cost of capital In economics Economics () is a social science Social science is the branch A branch ( or , ) or tree branch (sometimes referred to in botany Botany, also called , plant biology or phytology, is the science of plant l ...
.


Management of working capital

Guided by the above criteria, management will use a combination of policies and techniques for the management of working capital. These policies aim at managing the Asset#Current assets, ''current assets'' (generally cash and cash and cash equivalents, cash equivalents, Inventory, inventories and debtors) and the short term financing, such that cash flows and returns are acceptable.Best-Practice Working Capital Management: Techniques for Optimizing Inventories, Receivables, and Payables
, Patrick Buchmann and Udo Jung
* Cash management. Identify the cash balance which allows for the business to meet day to day expenses, but reduces cash holding costs. * Inventory theory, Inventory management. Identify the level of inventory which allows for uninterrupted production but reduces the investment in raw materials – and minimizes reordering costs – and hence increases cash flow. See discussion under Inventory optimization and Supply chain management. Note that "inventory" is usually the realm of operations management: given the potential impact on cash flow, and on the balance sheet in general, finance typically "gets involved in an oversight or policing way".William Lasher (2010). Practical Financial Management. South-Western College Pub; 6 ed. * Debtors management. There are two inter-related roles here: (1) Identify the appropriate Credit (finance), credit policy, i.e. credit terms which will attract customers, such that any impact on cash flows and the cash conversion cycle will be offset by increased revenue and hence Return on Capital (or ''vice versa''); see Discounts and allowances. (2) Implement appropriate credit scoring policies and techniques such that the Default risk, risk of default on any new business is acceptable given these criteria. * Short term financing. Identify the appropriate source of financing, given the cash conversion cycle: the inventory is ideally financed by credit granted by the supplier; however, it may be necessary to utilize a bank loan (or overdraft), or to "convert debtors to cash" through "Factoring (trade), factoring"; see generally, trade finance.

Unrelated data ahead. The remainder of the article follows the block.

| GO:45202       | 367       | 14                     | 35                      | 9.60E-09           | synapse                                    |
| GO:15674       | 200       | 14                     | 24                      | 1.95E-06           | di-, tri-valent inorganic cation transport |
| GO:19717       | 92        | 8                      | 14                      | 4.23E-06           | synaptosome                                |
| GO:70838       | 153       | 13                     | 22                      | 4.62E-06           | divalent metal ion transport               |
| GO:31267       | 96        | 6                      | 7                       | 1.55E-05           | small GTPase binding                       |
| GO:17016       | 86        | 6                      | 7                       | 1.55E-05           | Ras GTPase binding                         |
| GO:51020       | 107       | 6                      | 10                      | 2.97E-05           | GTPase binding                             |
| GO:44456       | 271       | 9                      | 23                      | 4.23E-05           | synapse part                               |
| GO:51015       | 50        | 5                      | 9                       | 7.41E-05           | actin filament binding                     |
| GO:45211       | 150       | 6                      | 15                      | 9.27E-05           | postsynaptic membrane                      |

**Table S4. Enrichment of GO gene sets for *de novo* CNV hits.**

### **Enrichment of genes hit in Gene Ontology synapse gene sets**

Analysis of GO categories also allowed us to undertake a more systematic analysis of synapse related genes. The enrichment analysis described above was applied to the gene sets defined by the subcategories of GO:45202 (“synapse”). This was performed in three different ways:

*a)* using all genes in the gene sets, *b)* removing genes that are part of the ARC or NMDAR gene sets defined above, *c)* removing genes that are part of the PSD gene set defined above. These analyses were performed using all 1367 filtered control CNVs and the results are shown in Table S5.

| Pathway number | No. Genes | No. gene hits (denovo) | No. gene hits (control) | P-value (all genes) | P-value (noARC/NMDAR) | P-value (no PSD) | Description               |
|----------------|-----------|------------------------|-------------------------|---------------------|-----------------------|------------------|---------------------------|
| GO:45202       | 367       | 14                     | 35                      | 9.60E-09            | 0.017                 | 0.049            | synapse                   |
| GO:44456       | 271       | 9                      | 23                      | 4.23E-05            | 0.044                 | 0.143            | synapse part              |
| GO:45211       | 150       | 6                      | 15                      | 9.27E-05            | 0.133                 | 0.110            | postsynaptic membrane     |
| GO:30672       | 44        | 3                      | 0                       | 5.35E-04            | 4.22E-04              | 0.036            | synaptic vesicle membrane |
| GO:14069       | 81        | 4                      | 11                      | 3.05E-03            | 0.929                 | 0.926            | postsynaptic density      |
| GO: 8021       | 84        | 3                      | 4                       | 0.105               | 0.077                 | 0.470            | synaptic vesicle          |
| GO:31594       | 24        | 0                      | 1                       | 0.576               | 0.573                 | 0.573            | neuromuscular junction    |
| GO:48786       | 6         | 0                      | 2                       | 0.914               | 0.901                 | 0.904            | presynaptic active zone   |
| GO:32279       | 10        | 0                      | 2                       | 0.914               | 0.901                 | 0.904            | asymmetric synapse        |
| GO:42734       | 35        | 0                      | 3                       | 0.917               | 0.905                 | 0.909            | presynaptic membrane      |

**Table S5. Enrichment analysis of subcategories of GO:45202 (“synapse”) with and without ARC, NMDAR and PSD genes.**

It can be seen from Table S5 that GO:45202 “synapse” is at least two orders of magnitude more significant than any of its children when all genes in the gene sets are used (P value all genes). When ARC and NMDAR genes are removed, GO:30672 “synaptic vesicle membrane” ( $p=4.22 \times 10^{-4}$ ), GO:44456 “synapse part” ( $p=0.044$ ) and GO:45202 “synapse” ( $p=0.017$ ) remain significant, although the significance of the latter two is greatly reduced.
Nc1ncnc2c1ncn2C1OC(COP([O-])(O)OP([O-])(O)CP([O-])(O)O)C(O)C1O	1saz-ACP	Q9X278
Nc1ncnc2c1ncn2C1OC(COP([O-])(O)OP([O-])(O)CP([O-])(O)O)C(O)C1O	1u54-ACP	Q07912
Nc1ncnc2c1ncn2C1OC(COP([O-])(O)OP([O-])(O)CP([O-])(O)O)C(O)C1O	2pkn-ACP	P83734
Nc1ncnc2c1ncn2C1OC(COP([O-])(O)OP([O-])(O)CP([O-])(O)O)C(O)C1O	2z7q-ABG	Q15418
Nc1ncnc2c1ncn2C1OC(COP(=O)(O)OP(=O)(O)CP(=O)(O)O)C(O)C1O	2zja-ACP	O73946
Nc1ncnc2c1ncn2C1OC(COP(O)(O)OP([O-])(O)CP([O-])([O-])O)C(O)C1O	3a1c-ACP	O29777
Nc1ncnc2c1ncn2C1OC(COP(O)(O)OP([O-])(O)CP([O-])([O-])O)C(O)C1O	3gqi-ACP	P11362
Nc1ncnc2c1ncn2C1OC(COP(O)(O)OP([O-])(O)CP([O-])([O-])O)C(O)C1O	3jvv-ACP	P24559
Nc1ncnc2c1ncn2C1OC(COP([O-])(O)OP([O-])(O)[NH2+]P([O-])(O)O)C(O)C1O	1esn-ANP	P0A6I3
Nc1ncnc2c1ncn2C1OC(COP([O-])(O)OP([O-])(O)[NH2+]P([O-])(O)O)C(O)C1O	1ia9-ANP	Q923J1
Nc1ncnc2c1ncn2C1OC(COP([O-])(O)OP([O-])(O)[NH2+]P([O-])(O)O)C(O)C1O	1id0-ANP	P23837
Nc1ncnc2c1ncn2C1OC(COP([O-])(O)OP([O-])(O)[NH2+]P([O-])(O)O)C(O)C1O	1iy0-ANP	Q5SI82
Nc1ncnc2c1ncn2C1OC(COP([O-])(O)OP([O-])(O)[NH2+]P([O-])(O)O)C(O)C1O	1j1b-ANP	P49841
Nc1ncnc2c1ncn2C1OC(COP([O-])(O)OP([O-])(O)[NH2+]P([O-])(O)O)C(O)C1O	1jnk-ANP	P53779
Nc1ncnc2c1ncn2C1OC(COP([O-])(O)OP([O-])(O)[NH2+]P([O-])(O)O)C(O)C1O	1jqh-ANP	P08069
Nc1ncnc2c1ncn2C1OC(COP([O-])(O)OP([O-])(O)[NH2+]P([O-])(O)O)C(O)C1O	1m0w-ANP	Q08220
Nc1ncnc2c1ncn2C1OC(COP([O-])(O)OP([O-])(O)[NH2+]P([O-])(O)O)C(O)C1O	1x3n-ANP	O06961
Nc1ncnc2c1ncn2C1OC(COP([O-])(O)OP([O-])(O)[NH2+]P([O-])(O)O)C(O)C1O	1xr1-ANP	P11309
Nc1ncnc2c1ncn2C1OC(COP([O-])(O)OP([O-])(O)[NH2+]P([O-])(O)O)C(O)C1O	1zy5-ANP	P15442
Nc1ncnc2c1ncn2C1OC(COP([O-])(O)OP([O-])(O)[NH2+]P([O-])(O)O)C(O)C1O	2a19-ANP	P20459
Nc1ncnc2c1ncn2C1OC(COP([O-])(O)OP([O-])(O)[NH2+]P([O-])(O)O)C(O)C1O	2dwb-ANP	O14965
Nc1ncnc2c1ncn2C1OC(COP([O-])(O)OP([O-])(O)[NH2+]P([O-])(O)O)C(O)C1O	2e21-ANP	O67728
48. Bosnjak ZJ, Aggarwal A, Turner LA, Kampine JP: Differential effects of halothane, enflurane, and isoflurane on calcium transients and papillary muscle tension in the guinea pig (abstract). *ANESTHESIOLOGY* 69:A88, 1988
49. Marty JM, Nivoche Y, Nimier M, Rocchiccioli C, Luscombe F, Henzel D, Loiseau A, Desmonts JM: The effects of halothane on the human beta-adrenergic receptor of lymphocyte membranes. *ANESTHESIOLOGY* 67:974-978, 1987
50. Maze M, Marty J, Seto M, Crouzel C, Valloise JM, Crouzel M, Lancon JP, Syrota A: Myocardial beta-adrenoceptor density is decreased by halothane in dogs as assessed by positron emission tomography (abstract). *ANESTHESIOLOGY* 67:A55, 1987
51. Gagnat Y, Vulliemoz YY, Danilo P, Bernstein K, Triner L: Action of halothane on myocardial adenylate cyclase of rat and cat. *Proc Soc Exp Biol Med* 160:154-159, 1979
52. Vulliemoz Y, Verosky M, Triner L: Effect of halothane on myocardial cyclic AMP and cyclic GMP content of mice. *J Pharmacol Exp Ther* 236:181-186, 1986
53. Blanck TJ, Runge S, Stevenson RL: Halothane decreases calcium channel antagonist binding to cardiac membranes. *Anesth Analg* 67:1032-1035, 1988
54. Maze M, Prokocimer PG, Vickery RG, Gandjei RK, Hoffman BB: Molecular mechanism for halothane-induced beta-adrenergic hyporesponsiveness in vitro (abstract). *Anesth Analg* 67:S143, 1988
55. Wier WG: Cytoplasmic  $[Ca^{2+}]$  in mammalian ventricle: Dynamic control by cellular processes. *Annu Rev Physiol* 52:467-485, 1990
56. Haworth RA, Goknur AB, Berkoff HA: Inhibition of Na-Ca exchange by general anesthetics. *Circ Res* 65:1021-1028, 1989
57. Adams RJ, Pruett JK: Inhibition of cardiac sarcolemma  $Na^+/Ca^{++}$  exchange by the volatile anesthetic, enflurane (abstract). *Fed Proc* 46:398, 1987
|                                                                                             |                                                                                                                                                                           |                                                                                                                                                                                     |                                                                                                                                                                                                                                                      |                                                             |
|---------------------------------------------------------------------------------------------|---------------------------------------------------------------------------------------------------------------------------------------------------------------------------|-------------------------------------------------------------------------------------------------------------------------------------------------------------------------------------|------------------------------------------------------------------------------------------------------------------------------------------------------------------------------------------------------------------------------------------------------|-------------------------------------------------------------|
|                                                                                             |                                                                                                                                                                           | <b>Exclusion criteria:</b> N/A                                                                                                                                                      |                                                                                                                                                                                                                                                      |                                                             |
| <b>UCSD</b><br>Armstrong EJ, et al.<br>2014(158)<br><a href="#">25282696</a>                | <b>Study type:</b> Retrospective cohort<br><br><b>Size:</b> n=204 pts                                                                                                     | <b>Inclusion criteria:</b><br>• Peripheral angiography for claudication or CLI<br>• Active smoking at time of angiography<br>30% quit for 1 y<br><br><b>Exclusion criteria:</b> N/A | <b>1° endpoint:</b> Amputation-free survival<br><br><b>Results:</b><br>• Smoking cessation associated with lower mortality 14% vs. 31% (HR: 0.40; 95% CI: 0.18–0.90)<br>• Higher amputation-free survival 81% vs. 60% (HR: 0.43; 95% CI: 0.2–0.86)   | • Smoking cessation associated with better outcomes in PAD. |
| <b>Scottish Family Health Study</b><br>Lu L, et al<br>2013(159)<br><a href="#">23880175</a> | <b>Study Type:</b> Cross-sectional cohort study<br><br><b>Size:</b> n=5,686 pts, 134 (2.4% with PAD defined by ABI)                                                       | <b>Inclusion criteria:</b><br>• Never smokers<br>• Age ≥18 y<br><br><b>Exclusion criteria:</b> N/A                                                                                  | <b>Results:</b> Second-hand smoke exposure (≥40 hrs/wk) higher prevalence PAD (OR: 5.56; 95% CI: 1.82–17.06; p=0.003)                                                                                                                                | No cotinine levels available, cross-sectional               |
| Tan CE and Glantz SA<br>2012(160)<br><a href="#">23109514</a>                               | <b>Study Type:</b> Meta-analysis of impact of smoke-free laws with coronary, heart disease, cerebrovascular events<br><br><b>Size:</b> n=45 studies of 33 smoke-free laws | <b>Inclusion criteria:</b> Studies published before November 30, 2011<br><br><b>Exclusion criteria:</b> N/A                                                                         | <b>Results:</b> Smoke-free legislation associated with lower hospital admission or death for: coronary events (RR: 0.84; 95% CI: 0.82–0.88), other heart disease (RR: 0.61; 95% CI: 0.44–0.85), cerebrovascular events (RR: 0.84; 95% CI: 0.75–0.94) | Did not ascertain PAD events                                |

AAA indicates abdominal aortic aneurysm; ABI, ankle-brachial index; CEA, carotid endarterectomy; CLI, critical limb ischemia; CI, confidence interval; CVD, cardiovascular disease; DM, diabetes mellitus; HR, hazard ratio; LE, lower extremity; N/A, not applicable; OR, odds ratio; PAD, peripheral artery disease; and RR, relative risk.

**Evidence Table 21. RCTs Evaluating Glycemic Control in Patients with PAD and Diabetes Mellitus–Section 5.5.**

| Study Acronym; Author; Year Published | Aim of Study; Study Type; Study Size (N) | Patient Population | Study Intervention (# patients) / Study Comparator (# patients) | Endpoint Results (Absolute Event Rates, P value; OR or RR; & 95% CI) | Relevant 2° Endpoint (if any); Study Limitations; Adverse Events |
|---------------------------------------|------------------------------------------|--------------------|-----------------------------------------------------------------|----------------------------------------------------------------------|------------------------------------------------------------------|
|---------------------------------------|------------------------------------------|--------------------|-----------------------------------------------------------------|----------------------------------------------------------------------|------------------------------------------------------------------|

Relationship with other areas in finance


Investment banking